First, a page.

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Why forests with more tree types grow better, faster

A study by University of Minnesota researchers has found out why diverse forests grow better and faster than single-species plantations. It has to do with shapes and how the trees fit in with each other as they seek sunlight. News Tribune file photo

It's been known for years that forests with lots of different tree species grow better and faster than forests with just one kind of tree.

Now, for the first time, scientists say they know why.

It's shapes.

It turns out trees of different species find a way to get along with their neighbors by spreading branches out to fill in gaps where sunlight is available — they play off each other's shape. And that maximizes their combined ability to soak up the sun falling on a particular plot of land.

The new information could not just help foresters provide more fiber for the region's wood products industry, it could also help reduce climate-changing effects of greenhouse gases.

A study published this week in the scientific journal Nature Ecology & Evolution by scientists from the University of Minnesota and Université du Québec à Montréal looked at 37 plots of trees that had been planted in Montreal four years previously, ranging from a monoculture (only one tree species across the entire plot) to a plot with 12 different tree species commonly found in northern forests.

They used basic tools such as measuring tapes and height poles to differentiate the vertical growth of branches and leaves as well as the amount of trunk biomass that trees produced under the various combinations of species.

They found that in plots with multiple species, the different natural growth forms and light requirements of the various species, combined with their ability to modify their growth to their neighbors, made it possible for the trees to send branches into places where they could better use the available light, growing better together than in single-species plots.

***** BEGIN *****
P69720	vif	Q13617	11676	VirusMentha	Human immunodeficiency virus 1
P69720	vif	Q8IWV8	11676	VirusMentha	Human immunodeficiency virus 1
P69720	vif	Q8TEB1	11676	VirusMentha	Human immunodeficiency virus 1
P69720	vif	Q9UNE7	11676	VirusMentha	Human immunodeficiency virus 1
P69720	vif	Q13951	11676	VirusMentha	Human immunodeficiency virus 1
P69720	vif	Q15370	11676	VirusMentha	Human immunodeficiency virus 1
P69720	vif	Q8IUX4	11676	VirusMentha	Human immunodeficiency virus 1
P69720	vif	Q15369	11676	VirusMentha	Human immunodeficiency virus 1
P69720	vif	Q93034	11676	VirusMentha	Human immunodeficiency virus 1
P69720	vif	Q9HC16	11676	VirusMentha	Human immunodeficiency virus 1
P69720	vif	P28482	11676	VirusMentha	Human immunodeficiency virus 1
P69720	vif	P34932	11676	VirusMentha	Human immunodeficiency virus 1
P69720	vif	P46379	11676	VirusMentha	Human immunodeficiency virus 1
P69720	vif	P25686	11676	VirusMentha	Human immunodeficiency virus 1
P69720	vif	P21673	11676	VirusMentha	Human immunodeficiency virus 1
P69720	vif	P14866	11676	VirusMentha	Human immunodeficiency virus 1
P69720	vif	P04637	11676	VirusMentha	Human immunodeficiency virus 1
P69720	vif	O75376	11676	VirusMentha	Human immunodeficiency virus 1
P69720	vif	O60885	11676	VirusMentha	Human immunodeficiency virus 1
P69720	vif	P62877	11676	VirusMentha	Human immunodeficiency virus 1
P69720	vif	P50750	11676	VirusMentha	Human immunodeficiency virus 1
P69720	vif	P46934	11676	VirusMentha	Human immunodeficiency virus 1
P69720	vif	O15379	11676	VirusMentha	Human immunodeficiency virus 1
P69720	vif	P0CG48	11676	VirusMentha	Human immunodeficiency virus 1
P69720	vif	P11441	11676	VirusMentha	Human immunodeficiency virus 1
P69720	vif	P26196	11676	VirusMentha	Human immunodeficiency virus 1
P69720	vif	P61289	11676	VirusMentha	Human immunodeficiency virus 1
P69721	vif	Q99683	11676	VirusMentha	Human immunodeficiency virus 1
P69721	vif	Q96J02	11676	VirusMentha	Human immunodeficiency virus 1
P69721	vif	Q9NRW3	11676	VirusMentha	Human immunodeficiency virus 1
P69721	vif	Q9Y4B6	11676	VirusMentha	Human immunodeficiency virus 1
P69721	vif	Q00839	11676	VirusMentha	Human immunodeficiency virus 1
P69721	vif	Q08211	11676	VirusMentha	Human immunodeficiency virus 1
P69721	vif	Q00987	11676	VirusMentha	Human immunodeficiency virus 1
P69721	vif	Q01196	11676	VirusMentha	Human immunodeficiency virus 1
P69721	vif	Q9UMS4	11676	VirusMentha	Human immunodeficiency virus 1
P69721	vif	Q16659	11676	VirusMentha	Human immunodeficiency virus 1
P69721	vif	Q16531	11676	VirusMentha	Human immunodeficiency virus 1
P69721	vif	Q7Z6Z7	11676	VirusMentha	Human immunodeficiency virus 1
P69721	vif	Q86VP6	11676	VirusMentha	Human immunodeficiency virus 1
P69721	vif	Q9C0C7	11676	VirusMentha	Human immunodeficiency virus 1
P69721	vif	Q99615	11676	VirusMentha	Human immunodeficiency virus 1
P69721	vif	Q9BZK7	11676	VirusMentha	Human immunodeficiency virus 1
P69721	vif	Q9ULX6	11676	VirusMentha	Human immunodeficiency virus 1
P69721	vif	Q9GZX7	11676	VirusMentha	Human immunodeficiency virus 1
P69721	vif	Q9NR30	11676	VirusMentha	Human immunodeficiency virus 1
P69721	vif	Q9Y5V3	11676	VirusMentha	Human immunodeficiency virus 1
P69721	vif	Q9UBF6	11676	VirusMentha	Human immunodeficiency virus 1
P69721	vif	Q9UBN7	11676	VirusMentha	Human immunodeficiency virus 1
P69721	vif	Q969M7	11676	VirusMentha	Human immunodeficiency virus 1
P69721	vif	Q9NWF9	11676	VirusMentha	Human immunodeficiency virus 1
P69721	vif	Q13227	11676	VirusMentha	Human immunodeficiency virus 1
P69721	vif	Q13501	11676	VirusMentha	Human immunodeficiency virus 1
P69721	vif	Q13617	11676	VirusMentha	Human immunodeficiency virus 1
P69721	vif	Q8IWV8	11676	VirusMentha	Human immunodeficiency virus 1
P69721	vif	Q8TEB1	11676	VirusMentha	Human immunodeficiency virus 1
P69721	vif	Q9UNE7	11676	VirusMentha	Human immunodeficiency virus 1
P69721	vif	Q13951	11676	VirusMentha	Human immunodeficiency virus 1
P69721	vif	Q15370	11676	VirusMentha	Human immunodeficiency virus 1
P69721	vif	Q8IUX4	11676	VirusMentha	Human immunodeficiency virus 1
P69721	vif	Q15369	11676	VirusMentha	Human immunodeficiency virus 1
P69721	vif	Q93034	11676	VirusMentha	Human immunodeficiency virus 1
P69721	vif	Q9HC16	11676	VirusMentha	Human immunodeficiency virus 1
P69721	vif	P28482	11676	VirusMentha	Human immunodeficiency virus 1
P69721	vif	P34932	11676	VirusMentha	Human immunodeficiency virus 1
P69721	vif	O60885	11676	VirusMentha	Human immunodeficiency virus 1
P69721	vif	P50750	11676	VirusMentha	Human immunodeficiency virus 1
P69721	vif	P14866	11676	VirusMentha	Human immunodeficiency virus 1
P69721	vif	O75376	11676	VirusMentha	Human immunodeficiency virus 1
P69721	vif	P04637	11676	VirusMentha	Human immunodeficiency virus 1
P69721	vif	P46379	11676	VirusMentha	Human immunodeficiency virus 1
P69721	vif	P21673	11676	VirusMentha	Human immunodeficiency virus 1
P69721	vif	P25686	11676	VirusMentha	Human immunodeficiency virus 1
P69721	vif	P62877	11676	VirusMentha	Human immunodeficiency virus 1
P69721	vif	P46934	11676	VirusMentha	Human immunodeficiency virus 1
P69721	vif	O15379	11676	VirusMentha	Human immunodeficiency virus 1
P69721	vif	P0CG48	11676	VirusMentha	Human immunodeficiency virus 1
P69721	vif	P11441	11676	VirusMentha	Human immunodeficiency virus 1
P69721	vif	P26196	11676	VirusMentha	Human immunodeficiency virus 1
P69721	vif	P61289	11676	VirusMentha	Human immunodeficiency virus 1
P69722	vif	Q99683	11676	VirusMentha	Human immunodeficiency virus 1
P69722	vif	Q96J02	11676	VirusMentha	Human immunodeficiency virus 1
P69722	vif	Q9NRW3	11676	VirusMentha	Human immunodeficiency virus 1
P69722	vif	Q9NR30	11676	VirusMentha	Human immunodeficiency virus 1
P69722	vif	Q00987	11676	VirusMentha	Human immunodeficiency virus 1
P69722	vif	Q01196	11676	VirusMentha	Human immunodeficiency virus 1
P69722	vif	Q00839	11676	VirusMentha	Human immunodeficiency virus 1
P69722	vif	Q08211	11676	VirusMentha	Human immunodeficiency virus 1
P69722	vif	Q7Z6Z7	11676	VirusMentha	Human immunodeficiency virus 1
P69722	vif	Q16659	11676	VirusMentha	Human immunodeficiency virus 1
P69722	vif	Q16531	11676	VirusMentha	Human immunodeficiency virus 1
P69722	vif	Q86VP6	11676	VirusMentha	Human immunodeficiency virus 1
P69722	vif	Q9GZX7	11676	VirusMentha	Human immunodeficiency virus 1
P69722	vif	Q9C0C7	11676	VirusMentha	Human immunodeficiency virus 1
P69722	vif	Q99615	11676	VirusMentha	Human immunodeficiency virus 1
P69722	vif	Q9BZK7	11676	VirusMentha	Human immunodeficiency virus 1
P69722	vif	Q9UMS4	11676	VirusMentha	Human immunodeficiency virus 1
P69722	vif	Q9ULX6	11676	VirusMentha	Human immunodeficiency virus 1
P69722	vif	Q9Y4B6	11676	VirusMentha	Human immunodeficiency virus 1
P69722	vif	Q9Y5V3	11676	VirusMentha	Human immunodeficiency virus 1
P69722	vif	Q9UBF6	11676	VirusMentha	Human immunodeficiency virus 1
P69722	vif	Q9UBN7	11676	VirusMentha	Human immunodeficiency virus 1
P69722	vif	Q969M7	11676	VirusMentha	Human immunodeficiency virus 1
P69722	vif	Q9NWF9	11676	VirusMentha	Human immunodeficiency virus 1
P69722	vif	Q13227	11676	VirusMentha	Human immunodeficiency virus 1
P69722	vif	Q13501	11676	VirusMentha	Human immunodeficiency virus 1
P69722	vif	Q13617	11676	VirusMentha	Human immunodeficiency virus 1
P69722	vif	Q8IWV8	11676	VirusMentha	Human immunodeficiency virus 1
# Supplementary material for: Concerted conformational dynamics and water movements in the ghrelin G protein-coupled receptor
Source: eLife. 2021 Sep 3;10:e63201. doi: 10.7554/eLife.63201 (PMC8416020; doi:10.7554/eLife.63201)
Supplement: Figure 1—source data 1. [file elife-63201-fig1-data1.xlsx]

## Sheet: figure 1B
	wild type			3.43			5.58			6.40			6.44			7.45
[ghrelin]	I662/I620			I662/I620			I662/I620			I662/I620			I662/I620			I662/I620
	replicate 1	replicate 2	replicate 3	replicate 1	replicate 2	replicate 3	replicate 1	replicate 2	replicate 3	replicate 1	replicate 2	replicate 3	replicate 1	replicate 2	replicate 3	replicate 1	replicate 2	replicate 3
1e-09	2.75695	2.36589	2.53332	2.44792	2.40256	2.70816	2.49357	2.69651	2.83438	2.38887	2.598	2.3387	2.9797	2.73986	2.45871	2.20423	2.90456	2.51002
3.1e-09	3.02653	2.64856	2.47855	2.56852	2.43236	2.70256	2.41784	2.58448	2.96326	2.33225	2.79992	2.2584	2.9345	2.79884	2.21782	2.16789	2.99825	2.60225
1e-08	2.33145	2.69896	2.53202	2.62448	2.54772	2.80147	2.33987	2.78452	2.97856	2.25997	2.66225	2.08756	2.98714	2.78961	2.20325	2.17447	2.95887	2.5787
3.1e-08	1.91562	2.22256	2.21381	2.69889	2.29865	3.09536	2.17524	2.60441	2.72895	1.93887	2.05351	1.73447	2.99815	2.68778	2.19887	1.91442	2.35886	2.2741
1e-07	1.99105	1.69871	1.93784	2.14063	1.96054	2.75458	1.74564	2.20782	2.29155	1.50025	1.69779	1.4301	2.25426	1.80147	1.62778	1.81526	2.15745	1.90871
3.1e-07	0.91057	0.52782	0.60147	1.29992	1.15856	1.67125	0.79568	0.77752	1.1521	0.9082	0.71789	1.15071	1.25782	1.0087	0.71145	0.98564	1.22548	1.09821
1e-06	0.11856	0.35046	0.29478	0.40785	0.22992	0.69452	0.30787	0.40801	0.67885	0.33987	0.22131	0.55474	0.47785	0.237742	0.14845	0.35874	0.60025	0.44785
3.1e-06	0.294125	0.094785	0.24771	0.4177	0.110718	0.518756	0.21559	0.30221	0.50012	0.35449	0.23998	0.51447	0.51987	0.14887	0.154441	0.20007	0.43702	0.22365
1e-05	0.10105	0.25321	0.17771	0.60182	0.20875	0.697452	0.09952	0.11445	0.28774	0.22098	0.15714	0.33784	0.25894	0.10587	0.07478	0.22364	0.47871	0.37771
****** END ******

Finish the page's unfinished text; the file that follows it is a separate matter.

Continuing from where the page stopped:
The researchers found that the better-equipped the particular combination of species was to use the range of sunlight within the forest canopy, the more biomass the plot supported.

"This study shows how we can think of forests as communities made up of trees that fit together ... and react to their neighbors in ways that affect how the entire ecosystem functions," said Laura Williams, lead author of the study and a graduate student in Ecology, Evolution and Behavior with the College of Biological Sciences at the University of Minnesota. "In helping to answer the long-unresolved question of why more diverse mixtures grow more, we've improved our understanding of how to sustain and improve the functioning of forests in ways that contribute to the well-being of humans and our planet."

It's not just interesting to know how these tree species play off each other. The data gives foresters better information to manage forests to get more production — and that's good for providing more trees for the Northland's wood products industry. As more private land is taken out of timber production, and as government land managers seek to reserve more big trees as old growth or animal habitat, providing more trees from the same amount of land could be critical to supply industry.

Different species also provide habitat for more birds and wildlife, and even for microbes in the soil that affect nutrients for the trees..

"It might be easier to plant a single species, especially species for the forest industry. But if we want more total biomass, and we want the whole ecosystem to improve in health, than planting a diverse mixture of species clearly has benefits," Jeannine Cavender-Bares, a University of Minnesota professor of plant ecology, told the News Tribune.

Having more trees growing on the same amount of land is also a way to help battle climate change, because more woody biomass growing means more carbon dioxide is getting pulled out of the atmosphere and stored in the trees.

Most of the Earth's human-planted forests, or plantations, are monocultures with just a single dominant species; think of the red pine plantations once common in the Northland or European forests managed for only a specific tree type. Only about 1 percent of all planted forests on Earth fit the diverse forest description needed to produce more fiber, the authors noted in their report.